Why are more highly substituted carbocations more stable than less highly substituted ones? There are at least two reasons. Part of the answer has to do with inductive effects, and part has to do with hyperconjugation. Inductive effects, discussed in Section 2.1 in connection with polar covalent bonds, result from the shifting of electrons in a σ bond in response to the electronegativity of nearby atoms. In the present instance, electrons from a relatively larger and more polarizable alkyl group can shift toward a neighboring positive charge more easily than the electron from a hydrogen. Thus, the more alkyl groups attached to the positively charged carbon, the more electron density shifts toward the charge and the more inductive stabilization of the cation occurs (Figure 7.12).

The figure shows the electrostatic potential maps and structures of methyl, primary, secondary, and tertiary carbocations. The gray and white spheres represent carbon and hydrogen atoms, respectively.
Figure 7.12 A comparison of inductive stabilization for methyl, primary, secondary, and tertiary carbocations. The more alkyl groups that are bonded to the positively charged carbon, the more electron density shifts toward the charge, making the charged carbon less electron-poor (blue in electrostatic potential maps).

Hyperconjugation, discussed in Section 7.6 in connection with the stabilities of substituted alkenes, is the stabilizing interaction between a p orbital and properly oriented C−H σ bonds on neighboring carbons that are roughly parallel to the p orbital. The more alkyl groups there are on the carbocation, the more possibilities there are for hyperconjugation and the more stable the carbocation. Figure 7.13 shows the molecular orbital for the ethyl carbocation, CH3CH2+, and indicates the difference between the C−H bond perpendicular to the cation p orbital and the two C−H bonds more parallel to the cation p orbital. Only these roughly parallel C−H bonds are oriented properly to take part in hyperconjugation.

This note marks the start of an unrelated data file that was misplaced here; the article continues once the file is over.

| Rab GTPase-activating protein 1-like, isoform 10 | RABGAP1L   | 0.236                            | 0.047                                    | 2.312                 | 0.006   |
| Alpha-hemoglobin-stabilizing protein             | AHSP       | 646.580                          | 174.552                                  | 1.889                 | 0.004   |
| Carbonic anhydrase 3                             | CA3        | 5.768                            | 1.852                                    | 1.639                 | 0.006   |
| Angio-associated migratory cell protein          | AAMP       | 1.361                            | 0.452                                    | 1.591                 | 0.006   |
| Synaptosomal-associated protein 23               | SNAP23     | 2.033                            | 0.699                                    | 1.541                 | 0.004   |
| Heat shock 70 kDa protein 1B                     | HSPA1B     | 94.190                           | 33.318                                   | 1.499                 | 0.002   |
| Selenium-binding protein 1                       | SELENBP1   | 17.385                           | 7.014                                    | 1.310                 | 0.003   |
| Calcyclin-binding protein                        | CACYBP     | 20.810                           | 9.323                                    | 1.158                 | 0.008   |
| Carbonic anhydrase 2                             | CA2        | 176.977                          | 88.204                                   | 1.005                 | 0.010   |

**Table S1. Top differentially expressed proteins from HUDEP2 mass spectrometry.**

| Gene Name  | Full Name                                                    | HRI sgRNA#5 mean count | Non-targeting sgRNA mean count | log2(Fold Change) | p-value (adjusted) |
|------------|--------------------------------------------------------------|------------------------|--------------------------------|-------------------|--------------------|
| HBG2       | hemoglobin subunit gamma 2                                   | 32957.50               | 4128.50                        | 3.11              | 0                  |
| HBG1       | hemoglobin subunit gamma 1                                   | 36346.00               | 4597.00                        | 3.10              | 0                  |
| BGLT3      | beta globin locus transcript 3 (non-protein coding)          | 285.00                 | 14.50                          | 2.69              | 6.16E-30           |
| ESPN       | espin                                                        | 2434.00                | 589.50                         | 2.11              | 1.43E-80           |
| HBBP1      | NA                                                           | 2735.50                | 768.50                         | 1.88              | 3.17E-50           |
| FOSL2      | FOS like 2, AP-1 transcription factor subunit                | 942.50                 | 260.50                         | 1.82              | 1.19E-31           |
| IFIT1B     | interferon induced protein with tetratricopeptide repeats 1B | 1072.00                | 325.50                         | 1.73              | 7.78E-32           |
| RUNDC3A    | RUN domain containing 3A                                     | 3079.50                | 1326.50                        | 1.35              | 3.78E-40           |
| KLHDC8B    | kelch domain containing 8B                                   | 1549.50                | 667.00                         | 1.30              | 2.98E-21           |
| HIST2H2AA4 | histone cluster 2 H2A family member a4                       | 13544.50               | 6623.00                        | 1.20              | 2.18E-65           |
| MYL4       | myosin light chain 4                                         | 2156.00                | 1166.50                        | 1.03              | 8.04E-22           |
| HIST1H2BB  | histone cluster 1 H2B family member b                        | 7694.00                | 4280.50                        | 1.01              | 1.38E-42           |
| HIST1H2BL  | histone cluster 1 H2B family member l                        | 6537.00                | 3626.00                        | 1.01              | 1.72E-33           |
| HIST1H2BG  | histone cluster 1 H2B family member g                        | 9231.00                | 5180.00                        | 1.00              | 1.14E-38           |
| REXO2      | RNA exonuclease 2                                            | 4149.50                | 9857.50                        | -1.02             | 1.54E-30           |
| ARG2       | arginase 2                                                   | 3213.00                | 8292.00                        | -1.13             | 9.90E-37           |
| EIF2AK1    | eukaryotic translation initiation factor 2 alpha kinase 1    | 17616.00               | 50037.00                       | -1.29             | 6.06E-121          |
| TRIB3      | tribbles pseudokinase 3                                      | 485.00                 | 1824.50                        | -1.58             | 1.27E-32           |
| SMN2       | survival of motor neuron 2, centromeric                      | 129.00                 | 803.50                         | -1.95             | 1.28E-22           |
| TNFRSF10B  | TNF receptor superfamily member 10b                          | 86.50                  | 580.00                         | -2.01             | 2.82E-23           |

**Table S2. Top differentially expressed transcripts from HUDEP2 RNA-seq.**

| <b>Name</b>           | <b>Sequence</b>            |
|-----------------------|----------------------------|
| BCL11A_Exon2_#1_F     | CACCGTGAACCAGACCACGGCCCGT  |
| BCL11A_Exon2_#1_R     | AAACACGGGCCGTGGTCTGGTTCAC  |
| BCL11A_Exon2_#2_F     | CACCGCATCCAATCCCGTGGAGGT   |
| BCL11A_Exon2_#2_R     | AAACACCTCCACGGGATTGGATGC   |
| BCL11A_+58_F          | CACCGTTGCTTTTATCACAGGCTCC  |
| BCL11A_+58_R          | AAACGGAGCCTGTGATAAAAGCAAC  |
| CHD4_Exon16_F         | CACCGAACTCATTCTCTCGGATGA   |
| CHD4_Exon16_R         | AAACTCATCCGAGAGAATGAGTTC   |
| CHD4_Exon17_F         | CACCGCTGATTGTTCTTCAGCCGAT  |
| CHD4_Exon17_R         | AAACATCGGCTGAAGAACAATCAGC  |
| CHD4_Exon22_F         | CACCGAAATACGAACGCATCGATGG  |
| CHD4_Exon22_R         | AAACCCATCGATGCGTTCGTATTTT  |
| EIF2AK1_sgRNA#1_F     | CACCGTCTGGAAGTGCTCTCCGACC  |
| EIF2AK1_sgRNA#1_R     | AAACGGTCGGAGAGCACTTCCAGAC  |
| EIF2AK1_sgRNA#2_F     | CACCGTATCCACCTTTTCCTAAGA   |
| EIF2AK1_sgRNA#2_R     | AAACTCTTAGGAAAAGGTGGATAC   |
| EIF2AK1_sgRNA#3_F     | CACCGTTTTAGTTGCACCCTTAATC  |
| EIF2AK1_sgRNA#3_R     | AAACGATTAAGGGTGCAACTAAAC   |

The orbital representation of ethyl carbocation along its ball-and-stick model sandwich between overlapped orbitals.
Figure 7.13 Stabilization of the ethyl carbocation, CH3CH2+, through hyperconjugation. Interaction of neighboring C−H σ bonds with the vacant p orbital stabilizes the cation and lowers its energy. The molecular orbital shows that only the two C−H bonds more parallel to the cation p orbital are oriented properly. The C−H bond perpendicular to the cation p orbital can’t take part properly.
Problem 7-18
Show the structures of the carbocation intermediates you would expect in the following reactions:
2,4-dimethyl-3-hexene reacts with hydrogen bromide to form unknown product(s).
Ethylidenecyclopentane reacts with hydrogen iodide to form unknown product(s).
Problem 7-19

Draw a skeletal structure of the following carbocation. Identify it as primary, secondary, or tertiary, and identify the hydrogen atoms that have the proper orientation for hyperconjugation in the conformation shown.

A ball-and-stick model of 2-methylbutane. C 3 has only three bonds total.